STATEMENT: Retain minimum age of criminal responsibility, strengthen Juvenile Justice Law

January 12, 2017

January 12, 2017

Republic Act 9344 or the Juvenile Justice Welfare Act (JJWA), promulgated in 2006, is a significant legal safeguard for the dignity of the Filipino child. With this law, youth offenders–most of whom are from disadvantaged socioeconomic sectors–will not be submitted to the dehumanizing conditions in correctional institutions. JJWA likewise provides measures and initiatives to ensure that children in conflict with the law will be rehabilitated, and eventually be reintegrated to the society as contributing members.

This 17th Congress, the protection for the Filipino child provided by JJWA, is in peril. There have been several attempts to revert the minimum age of criminal responsibility to nine. In fact, six bills supportive of this measure have been filed in the House of Representatives. The bills have already been heard by the sub-committee on Correctional Reforms and are expected to pass soon, with an overwhelming likelihood of getting the same result in its mother committee, the Committee on Justice.

The Child Rights Network (CRN) opposes moves to lower the minimum age of criminal responsibility (LMACR). CRN as a consortium of child rights advocates, is united in conviction that LMACR is detrimental to the best interests of children in conflict with the law (CICL) and would impede their rights to survival and development. Studies have shown that criminalizing children leads to recidivism. Detention and/or incarceration of children have also been linked to adverse effects on a child’s mental, physical and emotional development, as they are likely to be subjected to discrimination and abuse while detained. Furthermore, jailing children deny them of opportunities for advancement through education, and future employment. The proposals to lower the minimum age of criminal responsibility also ignore scientific evidence that a child’s brain is structurally and functionally immature, which influences their decision-making and increases their tendency to engage in risky behaviors during adolescence.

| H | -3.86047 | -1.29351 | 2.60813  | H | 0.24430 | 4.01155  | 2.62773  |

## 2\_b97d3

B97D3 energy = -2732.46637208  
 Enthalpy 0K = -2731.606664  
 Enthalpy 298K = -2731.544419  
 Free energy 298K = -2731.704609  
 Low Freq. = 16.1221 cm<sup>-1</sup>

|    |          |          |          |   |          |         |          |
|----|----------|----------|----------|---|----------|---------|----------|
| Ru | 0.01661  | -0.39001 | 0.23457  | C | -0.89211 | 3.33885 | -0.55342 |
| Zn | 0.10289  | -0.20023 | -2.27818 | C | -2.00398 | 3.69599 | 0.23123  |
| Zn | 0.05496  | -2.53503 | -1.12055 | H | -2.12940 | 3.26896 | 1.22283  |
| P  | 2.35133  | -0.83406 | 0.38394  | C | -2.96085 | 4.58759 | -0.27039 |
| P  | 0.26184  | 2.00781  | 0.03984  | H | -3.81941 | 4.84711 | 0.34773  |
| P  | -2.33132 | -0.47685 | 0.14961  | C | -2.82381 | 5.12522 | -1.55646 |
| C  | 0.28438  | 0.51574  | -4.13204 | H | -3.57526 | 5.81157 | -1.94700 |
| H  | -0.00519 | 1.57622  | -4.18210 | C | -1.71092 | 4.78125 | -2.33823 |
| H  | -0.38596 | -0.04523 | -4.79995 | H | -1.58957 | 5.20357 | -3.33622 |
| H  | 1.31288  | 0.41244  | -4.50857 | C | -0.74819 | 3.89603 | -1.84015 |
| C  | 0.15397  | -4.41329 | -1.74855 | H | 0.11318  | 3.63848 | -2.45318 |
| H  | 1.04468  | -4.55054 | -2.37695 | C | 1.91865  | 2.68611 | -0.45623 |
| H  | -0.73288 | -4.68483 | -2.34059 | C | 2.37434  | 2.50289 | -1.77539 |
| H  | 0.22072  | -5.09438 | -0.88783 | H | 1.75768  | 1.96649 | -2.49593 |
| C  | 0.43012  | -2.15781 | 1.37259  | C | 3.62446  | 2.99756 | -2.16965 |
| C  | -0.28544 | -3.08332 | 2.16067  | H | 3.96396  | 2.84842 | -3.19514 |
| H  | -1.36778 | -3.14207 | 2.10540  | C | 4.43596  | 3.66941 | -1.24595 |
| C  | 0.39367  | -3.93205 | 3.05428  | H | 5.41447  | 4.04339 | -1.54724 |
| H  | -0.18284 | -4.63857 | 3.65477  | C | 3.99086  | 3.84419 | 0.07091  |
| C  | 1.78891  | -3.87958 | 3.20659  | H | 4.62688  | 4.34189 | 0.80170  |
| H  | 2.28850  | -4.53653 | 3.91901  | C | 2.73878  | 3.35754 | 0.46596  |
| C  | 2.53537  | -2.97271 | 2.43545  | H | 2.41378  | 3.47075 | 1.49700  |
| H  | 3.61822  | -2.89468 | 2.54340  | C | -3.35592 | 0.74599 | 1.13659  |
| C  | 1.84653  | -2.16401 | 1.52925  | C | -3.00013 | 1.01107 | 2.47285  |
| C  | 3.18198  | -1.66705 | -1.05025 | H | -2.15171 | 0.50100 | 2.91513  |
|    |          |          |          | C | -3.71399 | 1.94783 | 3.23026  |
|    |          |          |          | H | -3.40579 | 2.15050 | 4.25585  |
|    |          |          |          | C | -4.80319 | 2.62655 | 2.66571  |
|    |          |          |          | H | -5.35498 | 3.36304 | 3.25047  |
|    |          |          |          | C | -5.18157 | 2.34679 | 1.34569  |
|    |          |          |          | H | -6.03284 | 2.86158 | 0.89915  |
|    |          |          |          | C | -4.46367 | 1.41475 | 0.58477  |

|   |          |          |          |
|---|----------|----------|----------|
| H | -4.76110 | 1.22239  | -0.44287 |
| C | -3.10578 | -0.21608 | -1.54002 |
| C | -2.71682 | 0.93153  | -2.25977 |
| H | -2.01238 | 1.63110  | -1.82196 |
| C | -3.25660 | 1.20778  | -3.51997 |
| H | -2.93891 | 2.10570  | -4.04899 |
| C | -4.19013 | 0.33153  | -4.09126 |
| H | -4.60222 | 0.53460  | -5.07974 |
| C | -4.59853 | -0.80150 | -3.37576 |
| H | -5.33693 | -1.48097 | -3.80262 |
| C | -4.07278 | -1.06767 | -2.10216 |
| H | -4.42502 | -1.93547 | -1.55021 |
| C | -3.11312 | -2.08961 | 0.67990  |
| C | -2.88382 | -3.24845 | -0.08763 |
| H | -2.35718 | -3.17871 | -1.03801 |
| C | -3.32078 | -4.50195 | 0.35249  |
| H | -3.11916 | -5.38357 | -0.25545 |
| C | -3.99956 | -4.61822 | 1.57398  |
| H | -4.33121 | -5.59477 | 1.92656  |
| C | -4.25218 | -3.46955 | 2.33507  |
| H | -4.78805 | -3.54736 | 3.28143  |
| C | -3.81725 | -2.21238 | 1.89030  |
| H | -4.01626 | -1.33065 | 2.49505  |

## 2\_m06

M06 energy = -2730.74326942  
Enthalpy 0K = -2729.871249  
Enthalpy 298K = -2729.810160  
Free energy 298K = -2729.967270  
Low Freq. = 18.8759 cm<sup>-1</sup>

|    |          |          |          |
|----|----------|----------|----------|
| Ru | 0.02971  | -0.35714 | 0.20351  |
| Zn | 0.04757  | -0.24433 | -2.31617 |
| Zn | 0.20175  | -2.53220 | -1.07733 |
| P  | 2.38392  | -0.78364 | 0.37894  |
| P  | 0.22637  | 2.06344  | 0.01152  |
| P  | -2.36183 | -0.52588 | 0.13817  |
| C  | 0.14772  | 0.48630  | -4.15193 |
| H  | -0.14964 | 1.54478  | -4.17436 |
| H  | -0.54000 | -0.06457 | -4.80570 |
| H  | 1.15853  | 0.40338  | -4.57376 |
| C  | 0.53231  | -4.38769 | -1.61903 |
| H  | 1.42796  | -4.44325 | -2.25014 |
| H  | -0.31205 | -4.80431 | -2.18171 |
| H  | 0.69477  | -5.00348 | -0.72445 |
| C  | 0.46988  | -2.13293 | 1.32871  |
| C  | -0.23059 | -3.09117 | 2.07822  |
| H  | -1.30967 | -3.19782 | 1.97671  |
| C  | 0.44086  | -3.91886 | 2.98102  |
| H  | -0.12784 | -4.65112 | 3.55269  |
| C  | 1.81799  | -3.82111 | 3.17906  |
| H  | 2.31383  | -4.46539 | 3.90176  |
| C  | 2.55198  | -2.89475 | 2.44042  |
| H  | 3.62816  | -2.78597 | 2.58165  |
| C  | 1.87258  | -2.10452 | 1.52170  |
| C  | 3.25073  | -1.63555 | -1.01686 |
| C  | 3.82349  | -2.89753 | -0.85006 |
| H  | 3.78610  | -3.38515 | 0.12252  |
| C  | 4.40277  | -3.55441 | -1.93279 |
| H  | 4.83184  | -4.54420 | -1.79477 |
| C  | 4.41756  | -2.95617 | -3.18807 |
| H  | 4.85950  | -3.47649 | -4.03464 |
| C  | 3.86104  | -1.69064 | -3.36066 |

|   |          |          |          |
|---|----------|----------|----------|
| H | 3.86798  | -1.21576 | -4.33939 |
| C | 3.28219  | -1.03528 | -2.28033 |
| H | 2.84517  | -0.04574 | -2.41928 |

Duty bearers are enjoined to remain committed to making the current system work, as there are sufficient measures to hold children accountable for their offenses, while respecting their developmental capacities. There is strong evidence that these measures are effective in restoring and reintegrating children to the community, as documented by child rights advocates. Focus should be on replicating these positive results to make the law succeed for all children, not amending the said law, and in the process, compromising the welfare of CICL.

The speed at which bills for the lowering of MACR progress shows that this measure is supported by House leadership. There is an urgent need for consolidation of support and intensified actions to prevent the bills from further prospering in the legislative mill and retain the minimum age of criminal responsibility at 15.

A jail is no place for a child. We should not allow retrogressive bills such as this to reverse the advances in child protection in the Philippines and put children to jail. Instead, we should support efforts to strengthen and enhance the implementation of Juvenile Justice and Welfare Act.